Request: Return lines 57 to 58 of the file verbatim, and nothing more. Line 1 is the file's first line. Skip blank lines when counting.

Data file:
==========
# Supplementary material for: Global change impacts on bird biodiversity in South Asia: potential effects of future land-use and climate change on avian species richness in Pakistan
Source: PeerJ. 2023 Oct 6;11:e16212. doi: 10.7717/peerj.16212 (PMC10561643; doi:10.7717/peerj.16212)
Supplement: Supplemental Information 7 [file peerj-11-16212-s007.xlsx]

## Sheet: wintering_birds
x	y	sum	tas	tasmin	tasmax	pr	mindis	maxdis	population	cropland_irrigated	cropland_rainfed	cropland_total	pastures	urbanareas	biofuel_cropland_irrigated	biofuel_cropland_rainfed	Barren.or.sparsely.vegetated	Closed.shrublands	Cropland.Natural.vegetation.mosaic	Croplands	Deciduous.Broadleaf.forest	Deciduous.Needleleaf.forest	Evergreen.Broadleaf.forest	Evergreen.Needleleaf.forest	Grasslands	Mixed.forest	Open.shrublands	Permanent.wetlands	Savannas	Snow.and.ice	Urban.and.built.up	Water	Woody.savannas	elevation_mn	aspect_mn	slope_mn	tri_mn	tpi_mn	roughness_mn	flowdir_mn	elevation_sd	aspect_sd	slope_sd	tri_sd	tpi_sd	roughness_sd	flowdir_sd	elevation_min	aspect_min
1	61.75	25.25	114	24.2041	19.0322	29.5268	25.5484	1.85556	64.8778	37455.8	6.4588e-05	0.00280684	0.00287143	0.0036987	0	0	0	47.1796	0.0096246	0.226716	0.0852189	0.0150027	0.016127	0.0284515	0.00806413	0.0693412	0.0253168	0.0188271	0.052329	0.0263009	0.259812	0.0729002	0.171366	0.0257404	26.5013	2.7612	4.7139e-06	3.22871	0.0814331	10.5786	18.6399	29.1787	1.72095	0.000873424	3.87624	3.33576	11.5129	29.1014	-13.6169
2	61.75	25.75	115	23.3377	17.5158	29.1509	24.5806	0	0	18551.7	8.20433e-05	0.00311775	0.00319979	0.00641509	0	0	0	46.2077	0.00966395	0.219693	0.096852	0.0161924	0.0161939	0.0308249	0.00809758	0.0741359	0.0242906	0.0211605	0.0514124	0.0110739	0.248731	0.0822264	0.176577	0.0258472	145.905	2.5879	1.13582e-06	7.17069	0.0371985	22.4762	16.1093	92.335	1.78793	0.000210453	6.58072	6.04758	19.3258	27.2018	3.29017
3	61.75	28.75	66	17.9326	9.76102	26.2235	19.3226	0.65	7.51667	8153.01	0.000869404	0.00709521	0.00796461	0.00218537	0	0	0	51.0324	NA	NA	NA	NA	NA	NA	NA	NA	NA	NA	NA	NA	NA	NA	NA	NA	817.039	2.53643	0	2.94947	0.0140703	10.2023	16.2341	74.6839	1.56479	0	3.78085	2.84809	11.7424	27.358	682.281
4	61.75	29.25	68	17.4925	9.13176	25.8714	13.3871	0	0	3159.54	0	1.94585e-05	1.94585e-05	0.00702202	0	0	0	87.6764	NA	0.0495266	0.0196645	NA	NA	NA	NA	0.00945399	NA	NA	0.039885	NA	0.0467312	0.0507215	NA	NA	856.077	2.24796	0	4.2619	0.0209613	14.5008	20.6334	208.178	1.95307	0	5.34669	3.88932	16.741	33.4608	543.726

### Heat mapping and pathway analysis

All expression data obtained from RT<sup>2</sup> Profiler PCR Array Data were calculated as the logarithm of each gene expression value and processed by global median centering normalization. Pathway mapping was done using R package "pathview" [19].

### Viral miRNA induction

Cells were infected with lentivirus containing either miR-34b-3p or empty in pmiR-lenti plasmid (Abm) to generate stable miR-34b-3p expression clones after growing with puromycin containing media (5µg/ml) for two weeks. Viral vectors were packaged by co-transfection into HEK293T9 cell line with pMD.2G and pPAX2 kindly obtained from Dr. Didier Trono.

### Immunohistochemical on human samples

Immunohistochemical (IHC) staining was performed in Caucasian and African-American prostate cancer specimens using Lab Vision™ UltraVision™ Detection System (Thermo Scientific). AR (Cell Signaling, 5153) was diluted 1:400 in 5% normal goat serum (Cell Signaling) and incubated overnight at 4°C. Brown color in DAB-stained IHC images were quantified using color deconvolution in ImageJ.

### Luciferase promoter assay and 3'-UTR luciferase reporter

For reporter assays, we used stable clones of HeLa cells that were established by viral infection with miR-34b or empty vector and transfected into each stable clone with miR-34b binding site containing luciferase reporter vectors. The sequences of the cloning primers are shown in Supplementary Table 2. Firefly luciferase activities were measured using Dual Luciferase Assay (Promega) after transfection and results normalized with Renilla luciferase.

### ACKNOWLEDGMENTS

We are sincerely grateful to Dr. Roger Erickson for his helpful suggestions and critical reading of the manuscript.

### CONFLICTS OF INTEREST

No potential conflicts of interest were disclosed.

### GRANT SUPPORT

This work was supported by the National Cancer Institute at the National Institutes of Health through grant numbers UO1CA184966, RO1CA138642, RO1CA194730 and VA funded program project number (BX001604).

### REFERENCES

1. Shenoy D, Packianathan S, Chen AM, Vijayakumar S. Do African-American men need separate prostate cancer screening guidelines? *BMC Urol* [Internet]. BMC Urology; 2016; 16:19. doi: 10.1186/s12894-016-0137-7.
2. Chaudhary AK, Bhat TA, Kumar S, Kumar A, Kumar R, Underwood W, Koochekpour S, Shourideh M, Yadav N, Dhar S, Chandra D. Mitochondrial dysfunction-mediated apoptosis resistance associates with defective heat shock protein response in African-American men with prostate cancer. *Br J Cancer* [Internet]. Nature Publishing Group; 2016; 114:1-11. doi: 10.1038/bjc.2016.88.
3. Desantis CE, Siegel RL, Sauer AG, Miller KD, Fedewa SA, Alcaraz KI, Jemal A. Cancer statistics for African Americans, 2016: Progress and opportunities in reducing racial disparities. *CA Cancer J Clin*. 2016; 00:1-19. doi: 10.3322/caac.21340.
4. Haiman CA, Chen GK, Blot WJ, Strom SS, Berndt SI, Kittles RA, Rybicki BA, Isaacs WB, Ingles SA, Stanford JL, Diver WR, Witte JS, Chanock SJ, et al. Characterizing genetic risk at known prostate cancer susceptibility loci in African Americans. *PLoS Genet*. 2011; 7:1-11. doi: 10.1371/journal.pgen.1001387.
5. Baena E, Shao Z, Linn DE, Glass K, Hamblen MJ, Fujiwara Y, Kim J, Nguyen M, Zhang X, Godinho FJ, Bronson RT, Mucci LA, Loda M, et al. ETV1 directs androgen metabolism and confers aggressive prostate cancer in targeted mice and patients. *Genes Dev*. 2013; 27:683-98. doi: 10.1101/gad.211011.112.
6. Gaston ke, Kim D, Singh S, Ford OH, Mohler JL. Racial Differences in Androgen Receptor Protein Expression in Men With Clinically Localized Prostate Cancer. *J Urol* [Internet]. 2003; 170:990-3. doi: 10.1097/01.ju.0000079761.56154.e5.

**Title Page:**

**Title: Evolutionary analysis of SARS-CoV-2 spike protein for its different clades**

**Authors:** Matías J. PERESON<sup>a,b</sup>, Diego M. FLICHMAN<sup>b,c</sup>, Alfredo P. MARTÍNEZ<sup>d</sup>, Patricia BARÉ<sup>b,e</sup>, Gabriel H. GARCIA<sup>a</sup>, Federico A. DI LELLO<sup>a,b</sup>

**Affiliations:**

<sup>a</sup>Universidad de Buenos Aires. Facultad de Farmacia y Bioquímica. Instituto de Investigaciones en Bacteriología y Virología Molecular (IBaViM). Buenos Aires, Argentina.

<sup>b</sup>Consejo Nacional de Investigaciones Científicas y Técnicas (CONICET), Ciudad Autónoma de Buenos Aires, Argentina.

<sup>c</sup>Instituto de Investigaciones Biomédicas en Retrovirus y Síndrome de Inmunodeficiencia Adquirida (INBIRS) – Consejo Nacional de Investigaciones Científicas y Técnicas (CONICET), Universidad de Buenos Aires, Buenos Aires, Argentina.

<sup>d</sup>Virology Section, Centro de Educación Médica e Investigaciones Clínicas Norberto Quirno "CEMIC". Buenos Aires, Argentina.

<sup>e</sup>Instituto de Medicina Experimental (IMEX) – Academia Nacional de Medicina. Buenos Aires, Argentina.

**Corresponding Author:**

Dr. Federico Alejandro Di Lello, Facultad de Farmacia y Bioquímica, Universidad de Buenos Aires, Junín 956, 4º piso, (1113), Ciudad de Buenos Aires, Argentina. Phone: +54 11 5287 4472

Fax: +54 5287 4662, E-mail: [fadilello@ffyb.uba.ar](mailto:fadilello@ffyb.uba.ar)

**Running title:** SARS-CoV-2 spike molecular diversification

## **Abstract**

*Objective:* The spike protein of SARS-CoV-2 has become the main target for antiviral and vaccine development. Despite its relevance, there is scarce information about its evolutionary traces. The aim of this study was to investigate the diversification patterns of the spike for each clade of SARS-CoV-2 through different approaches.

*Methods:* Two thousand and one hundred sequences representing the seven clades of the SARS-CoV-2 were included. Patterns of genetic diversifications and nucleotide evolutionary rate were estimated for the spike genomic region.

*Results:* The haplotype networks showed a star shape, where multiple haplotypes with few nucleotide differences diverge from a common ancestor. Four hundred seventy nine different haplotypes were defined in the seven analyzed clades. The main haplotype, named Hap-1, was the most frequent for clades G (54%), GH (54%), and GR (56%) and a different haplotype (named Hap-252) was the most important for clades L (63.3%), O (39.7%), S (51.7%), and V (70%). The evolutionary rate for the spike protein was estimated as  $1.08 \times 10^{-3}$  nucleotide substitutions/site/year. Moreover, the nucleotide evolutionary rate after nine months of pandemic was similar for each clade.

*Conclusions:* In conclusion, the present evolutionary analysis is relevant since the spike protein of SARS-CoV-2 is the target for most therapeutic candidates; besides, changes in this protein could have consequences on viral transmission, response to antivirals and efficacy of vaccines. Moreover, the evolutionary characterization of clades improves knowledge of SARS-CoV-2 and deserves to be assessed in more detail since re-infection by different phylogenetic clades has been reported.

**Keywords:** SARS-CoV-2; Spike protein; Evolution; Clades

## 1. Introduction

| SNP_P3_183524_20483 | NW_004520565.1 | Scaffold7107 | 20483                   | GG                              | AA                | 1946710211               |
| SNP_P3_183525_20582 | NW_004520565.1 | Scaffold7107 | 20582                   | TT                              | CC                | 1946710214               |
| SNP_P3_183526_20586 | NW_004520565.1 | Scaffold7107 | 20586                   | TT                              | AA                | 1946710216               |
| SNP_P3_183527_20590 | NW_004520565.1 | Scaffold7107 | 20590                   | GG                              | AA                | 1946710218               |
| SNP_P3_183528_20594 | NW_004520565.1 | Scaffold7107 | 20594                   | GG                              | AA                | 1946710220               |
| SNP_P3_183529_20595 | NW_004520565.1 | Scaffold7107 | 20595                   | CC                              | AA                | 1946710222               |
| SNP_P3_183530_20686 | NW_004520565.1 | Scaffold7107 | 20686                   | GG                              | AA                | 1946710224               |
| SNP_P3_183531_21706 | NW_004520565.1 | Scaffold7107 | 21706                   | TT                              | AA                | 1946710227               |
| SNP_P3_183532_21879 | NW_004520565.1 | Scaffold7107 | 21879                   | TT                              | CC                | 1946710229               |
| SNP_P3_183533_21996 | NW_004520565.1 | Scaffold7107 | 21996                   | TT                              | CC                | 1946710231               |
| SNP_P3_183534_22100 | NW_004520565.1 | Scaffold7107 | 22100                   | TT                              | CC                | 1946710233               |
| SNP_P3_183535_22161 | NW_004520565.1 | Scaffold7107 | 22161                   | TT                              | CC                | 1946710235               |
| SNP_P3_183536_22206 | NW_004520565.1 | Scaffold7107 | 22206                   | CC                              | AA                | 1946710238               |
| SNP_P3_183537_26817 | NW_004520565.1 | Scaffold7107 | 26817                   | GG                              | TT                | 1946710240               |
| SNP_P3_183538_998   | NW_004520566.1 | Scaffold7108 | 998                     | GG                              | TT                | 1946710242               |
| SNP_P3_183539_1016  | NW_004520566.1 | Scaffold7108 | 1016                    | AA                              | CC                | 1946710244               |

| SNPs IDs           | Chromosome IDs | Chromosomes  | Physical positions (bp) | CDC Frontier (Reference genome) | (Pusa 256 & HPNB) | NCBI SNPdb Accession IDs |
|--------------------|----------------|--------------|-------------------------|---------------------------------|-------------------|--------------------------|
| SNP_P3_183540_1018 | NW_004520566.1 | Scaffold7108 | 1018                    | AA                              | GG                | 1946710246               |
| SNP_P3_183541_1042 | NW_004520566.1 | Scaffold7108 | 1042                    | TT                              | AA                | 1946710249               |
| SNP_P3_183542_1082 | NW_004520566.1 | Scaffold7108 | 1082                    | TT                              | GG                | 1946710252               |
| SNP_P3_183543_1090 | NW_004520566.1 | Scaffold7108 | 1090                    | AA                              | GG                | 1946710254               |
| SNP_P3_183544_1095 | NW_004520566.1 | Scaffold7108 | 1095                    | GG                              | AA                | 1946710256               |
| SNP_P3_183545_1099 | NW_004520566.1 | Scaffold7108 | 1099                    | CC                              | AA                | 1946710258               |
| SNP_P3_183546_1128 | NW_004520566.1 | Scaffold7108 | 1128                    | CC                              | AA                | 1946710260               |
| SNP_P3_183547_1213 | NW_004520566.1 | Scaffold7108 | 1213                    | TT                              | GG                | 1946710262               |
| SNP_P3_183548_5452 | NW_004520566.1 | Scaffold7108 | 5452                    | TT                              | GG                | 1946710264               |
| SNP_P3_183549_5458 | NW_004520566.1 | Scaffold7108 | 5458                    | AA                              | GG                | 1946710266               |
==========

| SNP_P3_183530_20686 | NW_004520565.1 | Scaffold7107 | 20686                   | GG                              | AA                | 1946710224               |
| SNP_P3_183531_21706 | NW_004520565.1 | Scaffold7107 | 21706                   | TT                              | AA                | 1946710227               |